FIVE MINUTES WITH LOTTIE BAZLEY
Lottie Bazley, senior strategic internal communications adviser at Staffbase, considers what a four-day week means for company culture and the role of internal communicators.
What are the different four-day week approaches that companies can take?
I think there will be many different approaches. Companies should be open to people using these reduced hours in flexible ways. They might want to continue on a five-day week, but with shorter days. We might see leaders of businesses start to get questions from employees about what their stance is on this as a business. It is important that if you decide that you don’t want to make this move, employees should be made aware of that or, at the very least, you should be prepared to answer questions about why not.
Crucially, companies need to be making sure they're listening to their employees to find out what their out-of-work responsibilities might be, whether they're parents or carers and even whether they have second jobs. We can't just have this blanket four-day working week rule; companies and leaders need to be empathetic.
What are the pros and cons of a four-day week?
Of course, there are the really obvious pros: boosting happiness, stress reduction, fewer sick days, increased employee retention. Also, it's a kind of a social statement that you're making as a company to say that: "We're making sure we're staying relevant, we're listening to our employees, we've moved on from outdated ways of working."
For me, I don't necessarily see any particular cons. I feel like there probably are companies that might not execute it in a particularly great way, but I think that I see that as more the risks for businesses.
We need to be conscious that we're making this a sustainable change from trial to reality: the main goal of implementing a four-day week ultimately is that it should improve employee wellbeing and increase productivity rather than adding stress and anxiety.
There is also the concern that fewer hours makes the workplace less sociable. Of course, nobody likes forced or structured fun, but it's really important that companies are making sure that there's still space for employees to have those social connections, those so-called 'watercooler moments'. This means creating online social spaces for people if we're not going into the office and creating open channels on your intranet where employees can communicate with each other.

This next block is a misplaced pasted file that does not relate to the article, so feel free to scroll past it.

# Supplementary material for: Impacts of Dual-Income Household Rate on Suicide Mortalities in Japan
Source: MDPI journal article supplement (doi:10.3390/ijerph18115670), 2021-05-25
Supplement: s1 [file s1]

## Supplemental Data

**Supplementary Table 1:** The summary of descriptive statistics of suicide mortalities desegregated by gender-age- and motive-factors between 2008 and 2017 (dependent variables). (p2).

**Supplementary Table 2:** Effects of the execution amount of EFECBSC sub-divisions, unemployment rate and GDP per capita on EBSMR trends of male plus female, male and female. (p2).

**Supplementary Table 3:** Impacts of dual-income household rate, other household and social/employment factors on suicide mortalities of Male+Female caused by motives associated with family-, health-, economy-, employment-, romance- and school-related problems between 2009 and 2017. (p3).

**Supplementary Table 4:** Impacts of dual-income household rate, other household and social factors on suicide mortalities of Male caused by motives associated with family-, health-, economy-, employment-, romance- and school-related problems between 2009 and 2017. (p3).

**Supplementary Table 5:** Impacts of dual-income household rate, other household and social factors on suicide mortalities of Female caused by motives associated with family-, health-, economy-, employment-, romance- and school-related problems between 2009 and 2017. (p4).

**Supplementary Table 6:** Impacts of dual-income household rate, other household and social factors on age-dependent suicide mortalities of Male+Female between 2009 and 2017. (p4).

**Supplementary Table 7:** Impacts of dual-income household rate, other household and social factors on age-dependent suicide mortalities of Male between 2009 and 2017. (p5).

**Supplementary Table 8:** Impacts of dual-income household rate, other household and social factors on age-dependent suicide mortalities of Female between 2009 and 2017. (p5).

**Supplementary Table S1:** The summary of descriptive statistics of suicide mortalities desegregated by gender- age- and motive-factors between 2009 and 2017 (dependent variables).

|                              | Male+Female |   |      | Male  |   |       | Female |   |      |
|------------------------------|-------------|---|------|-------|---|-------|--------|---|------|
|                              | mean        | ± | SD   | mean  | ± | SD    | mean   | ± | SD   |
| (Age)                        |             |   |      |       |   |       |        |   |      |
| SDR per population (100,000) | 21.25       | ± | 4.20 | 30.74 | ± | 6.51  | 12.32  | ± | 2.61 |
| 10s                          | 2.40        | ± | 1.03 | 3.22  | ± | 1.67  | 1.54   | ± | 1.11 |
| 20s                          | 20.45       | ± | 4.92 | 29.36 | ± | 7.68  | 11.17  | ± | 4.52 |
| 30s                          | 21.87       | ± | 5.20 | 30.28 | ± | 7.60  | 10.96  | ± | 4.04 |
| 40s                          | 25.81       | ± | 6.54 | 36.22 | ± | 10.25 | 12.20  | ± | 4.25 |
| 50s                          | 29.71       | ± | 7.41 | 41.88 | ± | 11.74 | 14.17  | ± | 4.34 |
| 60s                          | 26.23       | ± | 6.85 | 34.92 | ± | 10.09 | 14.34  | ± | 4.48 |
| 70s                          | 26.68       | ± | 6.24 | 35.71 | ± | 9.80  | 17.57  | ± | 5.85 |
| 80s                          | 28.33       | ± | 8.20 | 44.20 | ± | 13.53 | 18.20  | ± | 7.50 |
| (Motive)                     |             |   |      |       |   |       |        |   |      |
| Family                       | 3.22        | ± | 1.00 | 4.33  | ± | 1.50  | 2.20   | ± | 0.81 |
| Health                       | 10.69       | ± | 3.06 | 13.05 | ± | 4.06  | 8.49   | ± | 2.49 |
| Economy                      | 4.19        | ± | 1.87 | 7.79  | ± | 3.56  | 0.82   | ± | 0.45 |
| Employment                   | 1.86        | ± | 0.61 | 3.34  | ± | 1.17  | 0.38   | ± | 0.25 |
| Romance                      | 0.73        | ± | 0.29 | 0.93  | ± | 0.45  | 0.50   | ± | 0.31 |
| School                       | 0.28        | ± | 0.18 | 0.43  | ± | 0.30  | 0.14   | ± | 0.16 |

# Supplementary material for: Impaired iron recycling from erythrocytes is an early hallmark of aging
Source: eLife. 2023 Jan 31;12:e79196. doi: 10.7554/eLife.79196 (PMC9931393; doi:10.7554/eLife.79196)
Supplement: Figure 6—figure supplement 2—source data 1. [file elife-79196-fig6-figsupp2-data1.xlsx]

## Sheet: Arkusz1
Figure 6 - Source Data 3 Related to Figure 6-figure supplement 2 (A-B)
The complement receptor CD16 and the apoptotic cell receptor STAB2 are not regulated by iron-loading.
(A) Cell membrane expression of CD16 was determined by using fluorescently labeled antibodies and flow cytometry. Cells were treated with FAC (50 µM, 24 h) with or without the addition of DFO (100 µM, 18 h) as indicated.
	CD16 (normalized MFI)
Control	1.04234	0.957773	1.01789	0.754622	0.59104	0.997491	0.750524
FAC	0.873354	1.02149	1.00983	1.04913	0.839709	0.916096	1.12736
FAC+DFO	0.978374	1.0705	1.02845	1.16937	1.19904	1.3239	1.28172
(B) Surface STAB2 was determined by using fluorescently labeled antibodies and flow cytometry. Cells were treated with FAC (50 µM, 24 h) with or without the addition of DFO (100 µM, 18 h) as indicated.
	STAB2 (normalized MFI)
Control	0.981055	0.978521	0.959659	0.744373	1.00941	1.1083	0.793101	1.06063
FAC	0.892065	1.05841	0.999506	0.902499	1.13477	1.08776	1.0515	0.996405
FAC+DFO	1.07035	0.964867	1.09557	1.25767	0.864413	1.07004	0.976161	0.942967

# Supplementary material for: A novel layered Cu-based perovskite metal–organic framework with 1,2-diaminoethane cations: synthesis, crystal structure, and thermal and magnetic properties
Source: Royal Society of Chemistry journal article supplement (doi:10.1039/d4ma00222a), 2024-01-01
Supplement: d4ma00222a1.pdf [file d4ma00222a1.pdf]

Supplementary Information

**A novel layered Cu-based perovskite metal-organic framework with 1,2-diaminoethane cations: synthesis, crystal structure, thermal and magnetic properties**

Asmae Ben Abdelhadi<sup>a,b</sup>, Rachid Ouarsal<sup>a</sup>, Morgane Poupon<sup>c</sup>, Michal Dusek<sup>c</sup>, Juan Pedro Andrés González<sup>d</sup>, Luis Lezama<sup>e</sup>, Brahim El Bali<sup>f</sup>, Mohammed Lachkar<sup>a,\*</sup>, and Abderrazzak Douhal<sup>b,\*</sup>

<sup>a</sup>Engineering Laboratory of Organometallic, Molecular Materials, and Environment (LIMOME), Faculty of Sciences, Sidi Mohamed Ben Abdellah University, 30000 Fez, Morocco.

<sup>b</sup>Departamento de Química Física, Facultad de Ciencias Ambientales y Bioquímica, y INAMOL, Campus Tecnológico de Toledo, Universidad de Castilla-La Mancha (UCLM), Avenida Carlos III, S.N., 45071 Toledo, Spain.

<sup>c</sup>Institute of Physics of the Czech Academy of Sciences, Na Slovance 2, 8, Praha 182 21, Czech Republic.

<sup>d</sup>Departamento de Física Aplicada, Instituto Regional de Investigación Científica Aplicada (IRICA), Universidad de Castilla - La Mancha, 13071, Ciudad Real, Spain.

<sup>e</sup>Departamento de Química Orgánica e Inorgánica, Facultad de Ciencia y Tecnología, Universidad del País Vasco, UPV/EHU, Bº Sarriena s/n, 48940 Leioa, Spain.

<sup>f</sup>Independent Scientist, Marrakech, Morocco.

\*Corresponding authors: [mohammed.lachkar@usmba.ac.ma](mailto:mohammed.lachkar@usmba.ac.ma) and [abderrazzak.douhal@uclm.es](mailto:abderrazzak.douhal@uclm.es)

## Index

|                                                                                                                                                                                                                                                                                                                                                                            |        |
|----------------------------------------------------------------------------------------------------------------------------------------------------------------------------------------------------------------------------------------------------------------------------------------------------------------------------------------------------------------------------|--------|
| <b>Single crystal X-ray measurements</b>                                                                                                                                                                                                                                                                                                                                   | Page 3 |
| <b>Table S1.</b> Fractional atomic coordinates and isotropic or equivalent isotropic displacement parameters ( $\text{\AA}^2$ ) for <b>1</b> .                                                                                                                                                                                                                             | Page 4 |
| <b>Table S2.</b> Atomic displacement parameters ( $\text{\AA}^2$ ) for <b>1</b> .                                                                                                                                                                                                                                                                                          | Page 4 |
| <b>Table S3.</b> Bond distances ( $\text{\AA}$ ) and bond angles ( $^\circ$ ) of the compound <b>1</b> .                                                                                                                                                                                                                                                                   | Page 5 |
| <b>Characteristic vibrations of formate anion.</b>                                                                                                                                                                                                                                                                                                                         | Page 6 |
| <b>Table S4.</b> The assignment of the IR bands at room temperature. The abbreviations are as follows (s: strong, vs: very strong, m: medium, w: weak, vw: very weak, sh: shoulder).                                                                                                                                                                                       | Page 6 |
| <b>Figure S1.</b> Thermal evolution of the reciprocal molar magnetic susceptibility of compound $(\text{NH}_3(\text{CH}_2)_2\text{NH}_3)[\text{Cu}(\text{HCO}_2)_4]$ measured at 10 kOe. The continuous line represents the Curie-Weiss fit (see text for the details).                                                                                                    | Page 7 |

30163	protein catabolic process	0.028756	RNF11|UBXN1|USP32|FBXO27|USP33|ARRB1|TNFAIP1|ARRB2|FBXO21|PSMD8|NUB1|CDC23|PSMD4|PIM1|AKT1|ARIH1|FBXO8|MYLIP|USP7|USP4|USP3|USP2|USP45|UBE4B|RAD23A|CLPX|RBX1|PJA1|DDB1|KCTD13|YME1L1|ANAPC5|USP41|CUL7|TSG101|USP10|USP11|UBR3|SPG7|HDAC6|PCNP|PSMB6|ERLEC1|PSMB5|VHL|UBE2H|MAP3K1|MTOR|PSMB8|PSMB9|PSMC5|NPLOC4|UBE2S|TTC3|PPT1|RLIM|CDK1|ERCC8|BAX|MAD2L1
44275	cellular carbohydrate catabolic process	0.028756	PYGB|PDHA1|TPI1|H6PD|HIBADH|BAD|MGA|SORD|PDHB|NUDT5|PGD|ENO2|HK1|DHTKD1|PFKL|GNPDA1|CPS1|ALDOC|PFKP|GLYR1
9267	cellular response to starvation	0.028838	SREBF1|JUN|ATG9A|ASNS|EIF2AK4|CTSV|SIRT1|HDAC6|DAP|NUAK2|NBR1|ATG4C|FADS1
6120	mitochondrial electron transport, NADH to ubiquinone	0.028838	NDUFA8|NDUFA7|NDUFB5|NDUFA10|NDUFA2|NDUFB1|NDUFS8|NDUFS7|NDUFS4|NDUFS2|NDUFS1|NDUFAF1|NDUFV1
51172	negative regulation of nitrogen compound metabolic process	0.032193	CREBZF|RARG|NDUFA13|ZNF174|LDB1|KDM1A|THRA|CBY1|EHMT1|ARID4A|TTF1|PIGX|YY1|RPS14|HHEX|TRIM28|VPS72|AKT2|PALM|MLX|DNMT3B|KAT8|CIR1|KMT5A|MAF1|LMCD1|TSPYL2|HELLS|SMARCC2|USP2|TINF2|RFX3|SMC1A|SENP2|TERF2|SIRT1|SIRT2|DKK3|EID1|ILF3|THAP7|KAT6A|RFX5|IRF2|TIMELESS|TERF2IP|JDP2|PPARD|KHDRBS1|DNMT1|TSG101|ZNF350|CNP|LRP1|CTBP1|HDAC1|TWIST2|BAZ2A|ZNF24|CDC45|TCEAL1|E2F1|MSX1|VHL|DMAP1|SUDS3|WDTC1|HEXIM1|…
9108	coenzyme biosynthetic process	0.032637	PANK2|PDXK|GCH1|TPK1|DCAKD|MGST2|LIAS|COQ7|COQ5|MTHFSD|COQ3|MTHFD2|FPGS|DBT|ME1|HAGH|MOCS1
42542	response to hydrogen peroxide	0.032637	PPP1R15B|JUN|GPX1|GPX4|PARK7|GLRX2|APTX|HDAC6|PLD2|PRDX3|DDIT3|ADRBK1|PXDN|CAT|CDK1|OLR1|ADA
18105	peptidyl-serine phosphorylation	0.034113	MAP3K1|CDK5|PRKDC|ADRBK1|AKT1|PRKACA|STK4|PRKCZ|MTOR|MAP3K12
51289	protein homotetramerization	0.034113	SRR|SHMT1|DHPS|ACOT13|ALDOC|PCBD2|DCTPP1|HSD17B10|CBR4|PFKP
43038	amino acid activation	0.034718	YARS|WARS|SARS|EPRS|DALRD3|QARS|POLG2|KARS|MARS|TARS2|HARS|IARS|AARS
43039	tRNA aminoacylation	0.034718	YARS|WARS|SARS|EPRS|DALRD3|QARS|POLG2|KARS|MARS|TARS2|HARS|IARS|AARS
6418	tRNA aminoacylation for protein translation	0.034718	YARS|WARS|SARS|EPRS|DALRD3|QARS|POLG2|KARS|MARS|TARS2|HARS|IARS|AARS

Do you think this is leading to a break-up of workplace culture?
I think it depends on the business itself. It's about figuring out what those 'watercooler moments' are when people aren't in the office.
If we don't have those physical chats in the kitchen over a coffee like we used to do five years ago, we can learn from people who are already having those moments elsewhere and make sure that we're nurturing those kind of interactions. Then equally, the flip side is that people are coming into the office more often because they know it's only for four days out of the week.
Are companies more comfortable with communicating big changes post-pandemic?
We as internal communicators - during the pandemic - relied heavily on leadership figures. So I definitely feel like that was a steep learning curve for managers and leaders to become communicators themselves during that time.
I would hope that they they feel comfortable enough to to maybe have some of those essentially trickier conversations around change in general, not just the four-day working week. That is also a double-edged sword, however, because they then rely less on the internal communications teams, which could result in some inconsistency in messaging.
Do you think this has potential to be disruptive as each company tries to figure out what best suits them?
I think it has the potential to be. That disruption might not necessarily be negative disruption - it might be a positive disruption - but ultimately it's going to have a huge impact on the people that work in a business. It might have an impact on the processes within a business.
If you're a 24-hour, customer-facing company, you can't just not work for for three days. There are so many moving parts to this that I definitely feel that it has the potential to be disruptive. I once heard someone say that people don't necessarily fear change; they fear uncertainty.
How will this impact the role of internal communicators?
I think it will be a big shift because we will have less time to get messages out to people. It's one for communicators in general and we'll just have to think: is there something we need to do now to adapt our communication style?
If people are working fewer hours, we need to make sure that our communications strategy is simple and easy to access. We need to be able to summarise things, so things such as weekly newsletters could come in really handy. It will also be important for communicators to make sure that we're supporting the social channels that people will probably come to rely on.